2001c. Val-HeFT. Cohn JN, Tognoni G. A randomized trial of the angiotensinreceptor blocker valsartan in chronic heart failure. 345:1667-75.
2004. COMPANION. Bristow MR, Saxon LA, Boehmer J, et al. Cardiacresynchronization therapy with or without an implantable defibrillator in advanced chronic heart failure. 350:2140-50.
2005a. SCD-HeFT. Bardy GH, Lee KL, Mark DB, et al. Amiodarone or an implantable cardioverterdefibrillator for congestive heart failure. 352:225-37.
2005b. CARE-HF. Cleland JGF, Daubert J-C, Erdmann E, et al. The effect of cardiac
resynchronization on morbidity and mortality in heart failure. 352:1539-49.
2009. MADIT-CRT. Moss AJ, Hall WJ, Cannom DS, et al. Cardiac-resynchronization
therapy for the prevention of heart-failure events. 361:1329-38.
2010. RAFT. Tang ASL, Wells GA, Talajic M, et al. Cardiac-resynchronization therapy for mild-to-moderate heart failure. 363:2385-95.
2011a. EMPHASIS-HF. Zannad F, McMurray JJV, Krum H, et al. Eplerenone in patients with systolic heart failure and mild symptoms. 364:11-21.
2011b. ASCEND-HF. OConnor CM, Starling RC, Hernandez AF, et al. Effect of nesiritide in patients with acute decompensated heart failure. 365:32-43.
2014a. MADIT-CRT follow-up. Goldenberg I, Kutyifa V, Klein HU, et al. Survival
with cardiac-resynchronization therapy in mild heart failure. 370:1694-701.
2014b. PARADIGM-HF. McMurray JJV, Packer M, Desai AS, et al. Angiotensin
neprilysin inhibition versus enalapril in heart failure. DOI: 10.1056/
NEJMoa1409077.

An older class of inotropic


agents, the cardiac glycosides,
also met with disappointment.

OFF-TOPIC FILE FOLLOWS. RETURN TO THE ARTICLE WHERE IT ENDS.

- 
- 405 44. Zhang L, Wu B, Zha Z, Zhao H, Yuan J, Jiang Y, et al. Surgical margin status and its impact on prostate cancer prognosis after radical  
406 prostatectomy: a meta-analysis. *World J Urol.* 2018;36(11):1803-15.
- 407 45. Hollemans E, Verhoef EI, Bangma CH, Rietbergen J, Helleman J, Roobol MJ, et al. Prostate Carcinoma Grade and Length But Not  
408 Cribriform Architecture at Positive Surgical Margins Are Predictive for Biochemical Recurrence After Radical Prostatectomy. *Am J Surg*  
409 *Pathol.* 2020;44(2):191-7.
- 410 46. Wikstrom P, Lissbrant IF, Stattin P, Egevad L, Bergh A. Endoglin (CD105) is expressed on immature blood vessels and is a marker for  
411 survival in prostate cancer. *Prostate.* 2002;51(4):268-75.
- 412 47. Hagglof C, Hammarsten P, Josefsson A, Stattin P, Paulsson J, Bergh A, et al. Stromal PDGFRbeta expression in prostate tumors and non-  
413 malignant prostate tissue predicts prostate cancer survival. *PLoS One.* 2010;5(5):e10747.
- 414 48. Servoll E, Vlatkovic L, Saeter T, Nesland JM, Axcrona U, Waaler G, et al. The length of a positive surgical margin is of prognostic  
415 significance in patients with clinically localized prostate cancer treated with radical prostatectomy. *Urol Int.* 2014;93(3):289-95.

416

Since the classic observations of
990

William Withering, recorded 230


years ago in his extraordinary document, An Account of the Foxglove, and
Some of Its Medical Uses: With Practical

Remarks on Dropsy, and Other Diseases,


digitalis glycosides were a mainstay of therapy for heart failure.
However, a trial published in the
Journal (Digitalis Investigation
Group, DIG, 1997) showed unequivocally that digoxin had no
beneficial effect on mortality in
heart failure, though it did reduce overall hospitalizations and
specifically reduced hospitalizations for heart failure by 28%.
Despite their long history, cardiac glycosides are no longer firstline therapy for heart failure,
though they may be used to mitigate symptoms and prevent hospitalizations for heart failure.
The story of nesiritide, a recombinant B-type natriuretic peptide with vasodilator properties,
reinforces the fundamental importance of evidence-based practice. Nesiritide was approved for
use in acute heart failure in 2001
to improve dyspnea. Given by infusion, the drug was administered
at many outpatient centers established specifically for this purpose. However, the ASCEND-HF
trial (2011b) demonstrated no benefit of nesiritide on the coprimary end point of death or rehospitalization for heart failure and no
significant improvement in dyspnea. Thus, an interesting and
widely used biologic agent proved
to be ineffective when subjected
to a rigorous clinical trial.
The introduction of cardiac
devices represents perhaps the
most fundamental paradigm
shift exhibited on the timeline.
Not appearing on the timeline
until 2001, device trials nevertheless appear more frequently than
trials of any single class of medical therapy. The timeline includes
three types of cardiac devices:
the left ventricular assist device